Print version information for this particular copy of gawk on the error output. This is useful mainly for knowing if the current copy of gawk on your system is up to date with respect to whatever the Free Software Foundation is distributing.
Indicates end of options, in case subsequent item begins with dash (-) and is not an option.
The text of an awk program that contains awk statements, assuming no -fprogfile option has been specified. The awk program can either be in a file progfile or specified in the command line, taking into account the quoting rules of the shell.
You can intermix either of these two types of arguments:
The pathname of a file that contains the input to be read; the input is matched against the set of patterns in the program. If you don't specify any files containing input, or if you specify the dash character (-), the standard input is used.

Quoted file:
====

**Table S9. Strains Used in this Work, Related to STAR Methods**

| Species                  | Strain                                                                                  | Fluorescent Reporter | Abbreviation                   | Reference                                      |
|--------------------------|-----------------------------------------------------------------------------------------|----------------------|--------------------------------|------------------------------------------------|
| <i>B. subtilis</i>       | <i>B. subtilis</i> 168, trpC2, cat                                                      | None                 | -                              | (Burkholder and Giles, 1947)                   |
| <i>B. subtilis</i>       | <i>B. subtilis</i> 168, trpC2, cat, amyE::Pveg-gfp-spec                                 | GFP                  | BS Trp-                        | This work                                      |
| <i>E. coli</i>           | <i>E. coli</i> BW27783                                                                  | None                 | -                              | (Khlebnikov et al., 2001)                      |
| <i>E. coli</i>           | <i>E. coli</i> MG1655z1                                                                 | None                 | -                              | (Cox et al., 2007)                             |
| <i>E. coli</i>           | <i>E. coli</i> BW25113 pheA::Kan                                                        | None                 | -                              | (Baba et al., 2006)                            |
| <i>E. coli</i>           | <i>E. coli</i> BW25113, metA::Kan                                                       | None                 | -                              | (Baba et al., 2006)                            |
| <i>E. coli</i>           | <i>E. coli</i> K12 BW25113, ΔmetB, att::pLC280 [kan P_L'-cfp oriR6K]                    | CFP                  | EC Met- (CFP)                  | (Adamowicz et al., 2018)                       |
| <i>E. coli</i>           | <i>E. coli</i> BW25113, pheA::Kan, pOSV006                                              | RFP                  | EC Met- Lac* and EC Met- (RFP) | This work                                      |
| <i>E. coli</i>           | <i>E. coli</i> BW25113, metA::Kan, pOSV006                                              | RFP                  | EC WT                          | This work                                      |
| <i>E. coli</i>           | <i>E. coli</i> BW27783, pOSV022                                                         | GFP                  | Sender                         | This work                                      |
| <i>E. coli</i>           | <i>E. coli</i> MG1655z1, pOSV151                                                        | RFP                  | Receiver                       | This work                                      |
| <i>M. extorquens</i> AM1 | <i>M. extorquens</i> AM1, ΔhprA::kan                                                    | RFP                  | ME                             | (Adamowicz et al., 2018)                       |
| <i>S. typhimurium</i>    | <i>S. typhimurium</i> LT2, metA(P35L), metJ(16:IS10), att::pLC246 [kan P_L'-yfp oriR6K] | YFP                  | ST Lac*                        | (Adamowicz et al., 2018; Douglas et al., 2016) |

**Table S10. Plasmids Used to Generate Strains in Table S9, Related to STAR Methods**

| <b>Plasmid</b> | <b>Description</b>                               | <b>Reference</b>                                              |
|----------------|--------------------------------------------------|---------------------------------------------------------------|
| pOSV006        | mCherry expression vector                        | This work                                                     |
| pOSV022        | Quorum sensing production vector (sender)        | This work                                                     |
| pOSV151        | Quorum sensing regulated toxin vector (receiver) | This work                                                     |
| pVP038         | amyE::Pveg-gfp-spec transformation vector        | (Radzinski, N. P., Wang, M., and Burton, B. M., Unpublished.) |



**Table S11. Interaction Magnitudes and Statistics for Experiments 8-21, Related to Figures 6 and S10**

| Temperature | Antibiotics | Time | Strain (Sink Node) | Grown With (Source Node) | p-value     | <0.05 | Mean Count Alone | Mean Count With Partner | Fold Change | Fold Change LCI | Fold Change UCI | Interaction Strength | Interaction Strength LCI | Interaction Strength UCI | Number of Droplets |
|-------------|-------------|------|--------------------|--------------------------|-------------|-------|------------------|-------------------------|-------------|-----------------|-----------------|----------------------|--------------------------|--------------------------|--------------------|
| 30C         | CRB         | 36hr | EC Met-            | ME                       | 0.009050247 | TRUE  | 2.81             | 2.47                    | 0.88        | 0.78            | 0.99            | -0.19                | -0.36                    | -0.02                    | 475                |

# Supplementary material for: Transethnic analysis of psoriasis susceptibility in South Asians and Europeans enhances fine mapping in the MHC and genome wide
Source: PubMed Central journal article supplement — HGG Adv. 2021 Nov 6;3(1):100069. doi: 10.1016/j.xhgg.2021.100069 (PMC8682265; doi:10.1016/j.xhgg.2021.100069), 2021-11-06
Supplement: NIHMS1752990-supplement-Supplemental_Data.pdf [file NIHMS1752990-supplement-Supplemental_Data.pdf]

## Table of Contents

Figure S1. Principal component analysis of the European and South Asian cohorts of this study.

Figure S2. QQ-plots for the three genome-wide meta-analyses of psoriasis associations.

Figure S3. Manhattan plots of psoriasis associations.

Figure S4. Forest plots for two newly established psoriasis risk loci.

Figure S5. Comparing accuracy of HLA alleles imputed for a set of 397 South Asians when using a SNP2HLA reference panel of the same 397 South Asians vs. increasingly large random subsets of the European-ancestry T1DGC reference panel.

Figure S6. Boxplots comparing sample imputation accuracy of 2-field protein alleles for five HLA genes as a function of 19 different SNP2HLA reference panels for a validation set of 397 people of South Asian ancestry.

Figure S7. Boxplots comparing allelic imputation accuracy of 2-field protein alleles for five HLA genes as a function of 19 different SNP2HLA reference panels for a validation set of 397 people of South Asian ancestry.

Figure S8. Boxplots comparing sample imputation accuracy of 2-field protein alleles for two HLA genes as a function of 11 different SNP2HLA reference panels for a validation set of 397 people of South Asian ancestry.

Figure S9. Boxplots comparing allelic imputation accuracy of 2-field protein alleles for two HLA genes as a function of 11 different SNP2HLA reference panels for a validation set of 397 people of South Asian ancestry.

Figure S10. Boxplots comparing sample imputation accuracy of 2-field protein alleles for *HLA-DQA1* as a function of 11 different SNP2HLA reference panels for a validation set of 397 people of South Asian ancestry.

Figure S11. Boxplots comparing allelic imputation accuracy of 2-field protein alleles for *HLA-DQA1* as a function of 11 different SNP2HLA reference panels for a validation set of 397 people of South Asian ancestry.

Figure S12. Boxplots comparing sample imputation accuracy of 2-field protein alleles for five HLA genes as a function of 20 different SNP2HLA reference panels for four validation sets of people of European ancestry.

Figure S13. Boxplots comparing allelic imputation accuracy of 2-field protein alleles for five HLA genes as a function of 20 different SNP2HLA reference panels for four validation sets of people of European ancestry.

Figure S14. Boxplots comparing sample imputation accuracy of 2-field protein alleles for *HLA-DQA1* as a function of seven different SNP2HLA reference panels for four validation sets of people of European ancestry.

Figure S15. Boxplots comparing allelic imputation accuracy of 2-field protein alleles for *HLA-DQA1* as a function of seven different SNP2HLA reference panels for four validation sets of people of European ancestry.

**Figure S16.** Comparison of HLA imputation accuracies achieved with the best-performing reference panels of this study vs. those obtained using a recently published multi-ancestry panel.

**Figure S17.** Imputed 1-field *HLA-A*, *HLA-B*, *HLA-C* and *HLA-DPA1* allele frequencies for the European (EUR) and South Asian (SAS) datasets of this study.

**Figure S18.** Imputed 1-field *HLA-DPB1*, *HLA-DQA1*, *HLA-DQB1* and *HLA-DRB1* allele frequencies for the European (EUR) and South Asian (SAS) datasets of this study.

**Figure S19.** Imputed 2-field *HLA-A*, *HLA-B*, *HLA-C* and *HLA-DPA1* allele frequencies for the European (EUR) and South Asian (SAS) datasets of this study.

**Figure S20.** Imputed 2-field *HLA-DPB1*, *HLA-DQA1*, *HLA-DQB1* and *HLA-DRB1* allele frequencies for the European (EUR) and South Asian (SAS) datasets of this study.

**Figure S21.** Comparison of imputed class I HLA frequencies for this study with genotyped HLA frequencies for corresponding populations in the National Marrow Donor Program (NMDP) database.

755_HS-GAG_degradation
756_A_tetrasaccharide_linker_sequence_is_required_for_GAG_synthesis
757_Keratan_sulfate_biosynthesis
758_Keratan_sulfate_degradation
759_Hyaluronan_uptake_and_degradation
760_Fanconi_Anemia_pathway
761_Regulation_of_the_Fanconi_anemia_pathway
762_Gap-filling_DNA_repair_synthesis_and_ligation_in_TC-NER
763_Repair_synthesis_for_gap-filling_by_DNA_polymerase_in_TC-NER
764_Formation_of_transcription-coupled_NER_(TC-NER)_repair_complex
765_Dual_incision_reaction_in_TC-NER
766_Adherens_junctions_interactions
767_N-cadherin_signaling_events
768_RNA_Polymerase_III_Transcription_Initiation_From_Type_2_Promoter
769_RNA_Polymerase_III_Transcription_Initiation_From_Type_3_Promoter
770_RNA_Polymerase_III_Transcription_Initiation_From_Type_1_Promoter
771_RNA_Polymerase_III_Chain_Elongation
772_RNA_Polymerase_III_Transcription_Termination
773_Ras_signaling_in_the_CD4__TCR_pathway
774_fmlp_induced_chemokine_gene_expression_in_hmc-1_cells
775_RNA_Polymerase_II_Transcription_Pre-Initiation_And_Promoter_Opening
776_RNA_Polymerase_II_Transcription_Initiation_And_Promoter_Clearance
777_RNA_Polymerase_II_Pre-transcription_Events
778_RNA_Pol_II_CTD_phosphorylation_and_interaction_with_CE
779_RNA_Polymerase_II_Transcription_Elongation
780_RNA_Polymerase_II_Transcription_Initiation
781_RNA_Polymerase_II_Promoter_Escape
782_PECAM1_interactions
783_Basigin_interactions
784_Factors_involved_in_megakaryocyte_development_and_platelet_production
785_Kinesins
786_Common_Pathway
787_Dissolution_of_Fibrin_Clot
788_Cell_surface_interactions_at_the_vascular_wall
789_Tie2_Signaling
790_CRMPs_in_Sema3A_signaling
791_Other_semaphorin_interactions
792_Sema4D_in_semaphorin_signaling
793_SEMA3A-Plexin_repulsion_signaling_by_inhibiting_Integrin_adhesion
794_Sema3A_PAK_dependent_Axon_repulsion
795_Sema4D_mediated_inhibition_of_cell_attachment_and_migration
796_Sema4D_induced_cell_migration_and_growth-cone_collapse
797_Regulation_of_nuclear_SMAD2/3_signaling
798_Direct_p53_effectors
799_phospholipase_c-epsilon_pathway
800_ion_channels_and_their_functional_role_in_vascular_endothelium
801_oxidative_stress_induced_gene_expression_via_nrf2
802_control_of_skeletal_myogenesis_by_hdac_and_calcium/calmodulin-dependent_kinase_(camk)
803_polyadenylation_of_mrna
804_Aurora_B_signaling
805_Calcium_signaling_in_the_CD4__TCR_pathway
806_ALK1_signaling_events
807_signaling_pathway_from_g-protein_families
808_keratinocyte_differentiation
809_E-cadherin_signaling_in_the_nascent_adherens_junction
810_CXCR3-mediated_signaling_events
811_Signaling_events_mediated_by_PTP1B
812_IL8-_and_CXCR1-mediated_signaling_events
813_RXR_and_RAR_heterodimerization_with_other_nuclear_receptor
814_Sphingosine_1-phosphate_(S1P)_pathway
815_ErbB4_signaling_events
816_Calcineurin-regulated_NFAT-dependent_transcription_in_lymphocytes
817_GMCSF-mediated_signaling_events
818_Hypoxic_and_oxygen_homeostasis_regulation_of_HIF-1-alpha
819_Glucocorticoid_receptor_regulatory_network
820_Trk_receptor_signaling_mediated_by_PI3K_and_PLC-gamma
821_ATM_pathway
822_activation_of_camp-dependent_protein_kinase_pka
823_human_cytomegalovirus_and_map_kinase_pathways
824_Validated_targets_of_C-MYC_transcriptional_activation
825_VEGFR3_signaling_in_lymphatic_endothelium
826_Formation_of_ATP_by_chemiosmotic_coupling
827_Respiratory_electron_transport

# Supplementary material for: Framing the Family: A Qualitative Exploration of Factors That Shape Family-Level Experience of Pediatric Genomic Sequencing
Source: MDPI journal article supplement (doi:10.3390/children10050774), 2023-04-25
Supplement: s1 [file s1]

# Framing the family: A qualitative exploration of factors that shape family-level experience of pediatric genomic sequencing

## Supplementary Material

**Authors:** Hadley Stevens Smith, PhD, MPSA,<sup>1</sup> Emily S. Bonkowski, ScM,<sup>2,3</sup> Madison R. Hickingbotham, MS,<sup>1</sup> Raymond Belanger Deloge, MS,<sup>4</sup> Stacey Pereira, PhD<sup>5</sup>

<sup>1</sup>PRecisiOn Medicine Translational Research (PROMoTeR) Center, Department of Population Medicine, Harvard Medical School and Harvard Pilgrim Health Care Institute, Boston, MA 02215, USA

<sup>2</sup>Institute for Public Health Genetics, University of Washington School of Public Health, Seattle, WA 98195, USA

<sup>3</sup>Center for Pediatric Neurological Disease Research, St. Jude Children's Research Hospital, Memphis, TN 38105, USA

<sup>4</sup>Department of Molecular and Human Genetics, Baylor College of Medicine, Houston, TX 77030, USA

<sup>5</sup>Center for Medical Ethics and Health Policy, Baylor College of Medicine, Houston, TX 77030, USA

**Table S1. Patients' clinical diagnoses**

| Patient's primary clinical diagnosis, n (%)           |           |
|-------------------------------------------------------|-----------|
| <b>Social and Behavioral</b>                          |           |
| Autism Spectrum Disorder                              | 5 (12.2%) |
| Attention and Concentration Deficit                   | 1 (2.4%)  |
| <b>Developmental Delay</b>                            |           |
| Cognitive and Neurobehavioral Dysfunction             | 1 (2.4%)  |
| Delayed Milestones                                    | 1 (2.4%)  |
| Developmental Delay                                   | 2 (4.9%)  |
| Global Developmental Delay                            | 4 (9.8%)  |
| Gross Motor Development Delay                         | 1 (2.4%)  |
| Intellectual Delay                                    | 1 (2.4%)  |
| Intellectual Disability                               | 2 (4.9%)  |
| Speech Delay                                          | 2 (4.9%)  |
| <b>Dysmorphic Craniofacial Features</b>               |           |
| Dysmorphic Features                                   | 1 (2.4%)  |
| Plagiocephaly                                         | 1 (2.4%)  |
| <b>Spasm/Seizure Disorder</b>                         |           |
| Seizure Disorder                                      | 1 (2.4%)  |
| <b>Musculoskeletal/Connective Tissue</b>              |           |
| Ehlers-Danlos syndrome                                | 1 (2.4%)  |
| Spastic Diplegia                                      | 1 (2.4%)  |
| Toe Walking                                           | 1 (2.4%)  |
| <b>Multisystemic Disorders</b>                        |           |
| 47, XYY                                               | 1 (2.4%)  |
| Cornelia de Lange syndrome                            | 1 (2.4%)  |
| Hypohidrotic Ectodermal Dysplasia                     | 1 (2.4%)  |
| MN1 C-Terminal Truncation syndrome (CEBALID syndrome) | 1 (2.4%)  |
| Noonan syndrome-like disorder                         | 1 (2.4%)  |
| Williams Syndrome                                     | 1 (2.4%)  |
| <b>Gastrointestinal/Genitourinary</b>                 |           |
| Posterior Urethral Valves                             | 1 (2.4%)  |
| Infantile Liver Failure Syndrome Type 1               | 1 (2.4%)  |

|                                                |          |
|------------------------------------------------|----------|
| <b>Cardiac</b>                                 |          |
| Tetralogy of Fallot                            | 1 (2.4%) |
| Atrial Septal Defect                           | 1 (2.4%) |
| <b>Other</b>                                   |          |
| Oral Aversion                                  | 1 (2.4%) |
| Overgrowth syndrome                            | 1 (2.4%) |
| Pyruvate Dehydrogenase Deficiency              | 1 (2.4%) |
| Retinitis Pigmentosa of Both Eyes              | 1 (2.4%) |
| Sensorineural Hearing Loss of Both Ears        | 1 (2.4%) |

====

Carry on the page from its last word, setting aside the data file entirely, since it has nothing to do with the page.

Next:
You can pass expressions in the form name=value to gawk, where each instance of name represents the name of an gawk variable. Each such variable assignment occurs just prior to the processing of the following file, if any. The assignment is done before the file argument is executed, and after the BEGIN action -- if any -- of that file.


The gawk utility executes programs written in the awk programming language; this language specializes in manipulating textual data. An awk program is a sequence of patterns and corresponding actions. When input matching a specified pattern is read, the action associated with that pattern is carried out. The gawk shipped with QNX is a port of GNU awk. You can find the source code and original GNU documentation under utils/g/gawk in our public CVS repository,

Note: This utility is subject to the GNU Public License (GPL). We've included it for use on development systems.